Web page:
1 in 25 teenagers in England falling through gaps in education and social care
Report finds that “lack of coordination” by public services means that over 120,000 young people are currently either out of education or care that puts them at risk of exploitation by criminal gangs.
Around 1 in 25 teenagers in England are at risk of exploitation by criminal gangs because they have been overlooked by the education and care systems, a new report from the Children’s Commissioner has found.
The research estimates that over 27,000 children and young people are currently “high risk of gang exploitation” because they are not known to either education or care services.
In addition, the report finds that over 120,000 are more broadly at risk of “falling through gaps” in protection systems, such as permanent exclusions from school and forcibly leaving the care system, and as such are “not receiving the additional support they need from the state.”
The findings come alongside a recent report that found that referrals to children’s services in November 2020 fell by as much as 12%, despite warnings from the police regarding the increased risks to vulnerable children no longer in school due to the current coronavirus restrictions.
The vast majority of local authorities do not have “a sufficient grip” on controlling youth violence in their areas, nor do they have a cogent strategy to reduce risk factors in vulnerable cohorts, especially as many were found to not be tracking school exclusions, says the report.
The research found that local authorities that report quantifying levels of youth violence by recording a wider range of risk factors for involvement, directly fund youth violence specific programmes, and have a working drugs policy for children and young people, tend to have more success in controlling the issue.
However, only one in four local authorities were found to be dealing with youth violence in this way, with most LAs found to be missing opportunities to identify some of the most at-risk children and ensure appropriate services are in place to prevent harm.
As such, the report warns that the numbers of children and young people at risk of criminal manipulation are likely to increase in the aftermath of the pandemic, unless a more coordinated approach from public services is introduced.
Strong national leadership, improved data collection, a national drugs strategy, as well as a cross-government framework to help coordinate the safeguarding work undertaken by police forces, public health, the NHS, and children’s services, are among the recommendations put forward by the Commissioner.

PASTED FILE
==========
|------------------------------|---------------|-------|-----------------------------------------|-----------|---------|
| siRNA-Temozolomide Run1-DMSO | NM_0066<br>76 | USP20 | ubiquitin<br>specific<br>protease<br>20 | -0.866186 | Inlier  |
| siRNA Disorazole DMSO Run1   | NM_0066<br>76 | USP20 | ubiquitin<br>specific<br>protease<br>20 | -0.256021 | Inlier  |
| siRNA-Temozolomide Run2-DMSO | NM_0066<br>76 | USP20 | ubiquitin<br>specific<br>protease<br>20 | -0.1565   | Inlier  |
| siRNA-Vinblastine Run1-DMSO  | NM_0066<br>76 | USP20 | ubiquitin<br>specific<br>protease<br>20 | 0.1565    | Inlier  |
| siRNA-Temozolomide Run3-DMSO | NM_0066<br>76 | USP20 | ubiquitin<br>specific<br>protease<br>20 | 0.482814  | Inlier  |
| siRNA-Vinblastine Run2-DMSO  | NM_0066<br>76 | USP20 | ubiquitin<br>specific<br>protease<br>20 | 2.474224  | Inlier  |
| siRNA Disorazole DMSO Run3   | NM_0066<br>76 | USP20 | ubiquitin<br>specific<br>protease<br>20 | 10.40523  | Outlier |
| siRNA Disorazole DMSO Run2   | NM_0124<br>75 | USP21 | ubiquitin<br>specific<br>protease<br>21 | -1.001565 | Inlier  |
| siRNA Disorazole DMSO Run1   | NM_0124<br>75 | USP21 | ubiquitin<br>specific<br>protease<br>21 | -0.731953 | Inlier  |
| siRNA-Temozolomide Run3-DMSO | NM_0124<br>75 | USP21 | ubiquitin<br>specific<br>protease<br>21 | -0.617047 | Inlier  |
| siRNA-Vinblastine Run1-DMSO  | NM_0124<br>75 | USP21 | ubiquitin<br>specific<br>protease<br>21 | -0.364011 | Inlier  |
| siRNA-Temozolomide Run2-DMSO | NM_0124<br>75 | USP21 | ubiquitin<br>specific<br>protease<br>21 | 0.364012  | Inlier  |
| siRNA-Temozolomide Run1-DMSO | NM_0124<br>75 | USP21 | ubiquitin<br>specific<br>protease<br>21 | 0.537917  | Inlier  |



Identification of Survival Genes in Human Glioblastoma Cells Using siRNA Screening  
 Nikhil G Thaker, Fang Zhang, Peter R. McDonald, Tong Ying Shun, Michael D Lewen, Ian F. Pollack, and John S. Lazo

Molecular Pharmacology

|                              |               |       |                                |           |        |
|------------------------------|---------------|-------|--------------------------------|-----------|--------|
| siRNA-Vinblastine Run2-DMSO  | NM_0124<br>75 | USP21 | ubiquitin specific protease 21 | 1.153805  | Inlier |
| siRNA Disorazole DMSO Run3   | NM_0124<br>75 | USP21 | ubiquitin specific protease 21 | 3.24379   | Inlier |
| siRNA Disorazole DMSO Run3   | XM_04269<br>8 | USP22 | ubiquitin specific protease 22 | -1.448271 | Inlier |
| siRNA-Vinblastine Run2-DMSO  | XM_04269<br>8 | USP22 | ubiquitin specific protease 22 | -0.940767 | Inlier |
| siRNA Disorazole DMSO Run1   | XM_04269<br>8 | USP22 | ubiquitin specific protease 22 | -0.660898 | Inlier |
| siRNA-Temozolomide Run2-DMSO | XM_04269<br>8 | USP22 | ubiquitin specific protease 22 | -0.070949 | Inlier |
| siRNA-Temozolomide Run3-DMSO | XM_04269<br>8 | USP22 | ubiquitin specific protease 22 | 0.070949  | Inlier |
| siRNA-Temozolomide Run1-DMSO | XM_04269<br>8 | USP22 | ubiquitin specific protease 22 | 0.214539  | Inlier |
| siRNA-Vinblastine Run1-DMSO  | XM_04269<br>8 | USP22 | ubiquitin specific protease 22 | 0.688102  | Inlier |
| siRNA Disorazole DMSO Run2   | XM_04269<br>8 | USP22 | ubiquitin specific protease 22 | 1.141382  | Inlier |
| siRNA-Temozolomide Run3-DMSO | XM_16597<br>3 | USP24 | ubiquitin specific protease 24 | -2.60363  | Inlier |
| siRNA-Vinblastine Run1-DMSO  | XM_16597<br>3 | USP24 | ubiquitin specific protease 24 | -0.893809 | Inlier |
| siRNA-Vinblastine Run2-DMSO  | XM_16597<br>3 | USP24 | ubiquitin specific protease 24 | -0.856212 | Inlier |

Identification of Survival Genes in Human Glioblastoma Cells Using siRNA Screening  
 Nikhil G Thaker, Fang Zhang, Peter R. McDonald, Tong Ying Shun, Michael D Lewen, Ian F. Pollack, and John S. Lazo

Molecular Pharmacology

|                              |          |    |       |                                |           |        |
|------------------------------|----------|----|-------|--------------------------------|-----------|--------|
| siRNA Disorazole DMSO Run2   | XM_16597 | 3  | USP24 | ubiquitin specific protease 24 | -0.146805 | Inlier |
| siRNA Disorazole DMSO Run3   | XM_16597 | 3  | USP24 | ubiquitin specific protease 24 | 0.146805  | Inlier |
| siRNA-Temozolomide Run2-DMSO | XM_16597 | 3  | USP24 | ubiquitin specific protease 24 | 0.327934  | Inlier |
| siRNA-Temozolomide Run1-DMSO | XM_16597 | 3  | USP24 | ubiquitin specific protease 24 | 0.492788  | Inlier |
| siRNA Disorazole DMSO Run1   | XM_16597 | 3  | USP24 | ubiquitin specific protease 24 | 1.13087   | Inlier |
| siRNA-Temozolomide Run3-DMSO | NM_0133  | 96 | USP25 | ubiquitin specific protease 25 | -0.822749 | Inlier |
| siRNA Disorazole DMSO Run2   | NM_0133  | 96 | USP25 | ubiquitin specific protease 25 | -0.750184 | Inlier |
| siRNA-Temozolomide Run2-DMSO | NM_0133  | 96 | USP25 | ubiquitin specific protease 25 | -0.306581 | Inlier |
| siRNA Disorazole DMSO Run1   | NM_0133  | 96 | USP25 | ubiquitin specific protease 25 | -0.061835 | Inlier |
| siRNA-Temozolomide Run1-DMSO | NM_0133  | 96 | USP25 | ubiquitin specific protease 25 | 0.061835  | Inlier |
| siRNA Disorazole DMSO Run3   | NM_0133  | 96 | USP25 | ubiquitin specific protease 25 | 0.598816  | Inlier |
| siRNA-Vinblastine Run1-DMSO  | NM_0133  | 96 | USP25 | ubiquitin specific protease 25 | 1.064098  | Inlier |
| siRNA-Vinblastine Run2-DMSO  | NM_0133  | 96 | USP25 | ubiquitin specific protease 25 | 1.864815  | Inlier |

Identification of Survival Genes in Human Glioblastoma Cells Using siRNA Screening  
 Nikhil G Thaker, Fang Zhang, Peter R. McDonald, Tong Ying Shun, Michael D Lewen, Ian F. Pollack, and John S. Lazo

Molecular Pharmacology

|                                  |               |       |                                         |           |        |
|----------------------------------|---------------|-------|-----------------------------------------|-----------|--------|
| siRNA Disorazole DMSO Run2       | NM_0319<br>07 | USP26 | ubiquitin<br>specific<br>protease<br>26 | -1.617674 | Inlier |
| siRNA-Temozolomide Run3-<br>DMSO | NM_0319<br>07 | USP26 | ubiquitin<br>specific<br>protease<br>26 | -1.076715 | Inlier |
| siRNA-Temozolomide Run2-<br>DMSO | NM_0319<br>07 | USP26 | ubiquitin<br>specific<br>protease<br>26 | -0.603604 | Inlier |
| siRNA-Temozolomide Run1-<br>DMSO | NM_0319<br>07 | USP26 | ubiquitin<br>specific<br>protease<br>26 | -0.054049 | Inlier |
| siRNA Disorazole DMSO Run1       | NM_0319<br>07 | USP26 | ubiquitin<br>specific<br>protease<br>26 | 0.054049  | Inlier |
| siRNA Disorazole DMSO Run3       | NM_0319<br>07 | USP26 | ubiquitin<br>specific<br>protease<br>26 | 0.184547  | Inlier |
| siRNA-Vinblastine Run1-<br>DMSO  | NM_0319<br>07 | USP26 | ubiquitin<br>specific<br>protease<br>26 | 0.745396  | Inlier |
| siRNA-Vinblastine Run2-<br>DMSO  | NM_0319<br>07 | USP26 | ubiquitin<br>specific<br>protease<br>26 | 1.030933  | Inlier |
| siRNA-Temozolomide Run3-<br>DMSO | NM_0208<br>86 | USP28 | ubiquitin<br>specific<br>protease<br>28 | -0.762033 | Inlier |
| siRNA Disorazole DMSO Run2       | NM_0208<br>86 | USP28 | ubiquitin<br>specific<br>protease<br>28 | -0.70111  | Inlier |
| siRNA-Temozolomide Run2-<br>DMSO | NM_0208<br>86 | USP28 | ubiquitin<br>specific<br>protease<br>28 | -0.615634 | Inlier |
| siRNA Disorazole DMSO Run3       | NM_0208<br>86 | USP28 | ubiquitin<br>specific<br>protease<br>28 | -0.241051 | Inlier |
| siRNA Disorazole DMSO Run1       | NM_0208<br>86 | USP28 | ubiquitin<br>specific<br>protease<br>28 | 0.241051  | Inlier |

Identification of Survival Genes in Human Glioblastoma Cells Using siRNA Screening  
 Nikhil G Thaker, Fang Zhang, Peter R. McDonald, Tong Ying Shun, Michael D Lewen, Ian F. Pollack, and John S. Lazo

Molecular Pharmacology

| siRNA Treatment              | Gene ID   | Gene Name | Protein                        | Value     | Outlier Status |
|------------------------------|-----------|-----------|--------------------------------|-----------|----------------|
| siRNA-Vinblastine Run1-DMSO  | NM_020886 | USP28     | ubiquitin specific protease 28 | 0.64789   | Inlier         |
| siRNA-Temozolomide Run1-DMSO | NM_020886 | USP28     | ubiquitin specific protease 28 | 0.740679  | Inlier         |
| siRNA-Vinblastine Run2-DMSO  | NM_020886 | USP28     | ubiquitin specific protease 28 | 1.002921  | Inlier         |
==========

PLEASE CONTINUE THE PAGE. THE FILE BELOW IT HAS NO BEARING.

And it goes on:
In addition, reforms to the school exclusion system, increased funding and support for schools, introduction of NHS school councillors, increased quantification of young violence factors and a coordinated response between Health and Wellbeing boards and safeguarding bodies would also help address the issue, the report finds.
The Children’s Commissioner, Anne Longfield, outlined the opportunity to act upon the findings now to ensure that more children are protected from criminal exploitation as the pandemic continues, and once it has ended.
“The common thread throughout all these cases is the series of missed opportunities, from a broad range of agencies, to intervene and protect these vulnerable children,” said Longfield.
“Predators who seek to exploit children for financial gain will use sophisticated methods to target, groom and coerce children. They are ruthless in their efforts to keep children in their thrall, subjecting them to unspeakable abuse, threats and intimidation. If intervention comes when children are already entangled in these dangerous enterprises, it is difficult to reach them.
“To keep children safe, the response to youth violence must be a national priority across policing, public health and children’s services. We need equally strong national leadership in each of these three fields, backed up by local partnership working. This is the only way to fully implement a genuine public health approach across the country.
“Tragically, until there is this joined up public health response to gangs that identifies and helps all those children at risk as early as possible, teenagers will keep dying on our streets,” she concluded.
Cllr Nesil Caliskan, Chair of the Local Government Association's Safer and Stronger Communities Board, said that it was “disappointing” that the report focused solely on the current role of public health services.
“A public health approach to serious youth violence is vital but does not mean one led by council public health teams alone,” said Caliskan.
“We agree that it is important to intervene early to tackle the root causes of serious violence and address the risk factors which we know can lead to a young person becoming involved in violent crime.
“However, this requires multi-agency working across a range of partners, including health, education, local government, the police and voluntary sector, so singling out one area of this co-ordinated effort is not representative of how local authorities are working.
“If we are to reduce youth violence and make a real impact on the lives of those involved or at risk, councils and their partners need to be able to deliver the services young people need. We have called for the reinstatement of the £1.7 billion that has been removed from the Early Intervention Grant to councils since 2010.”
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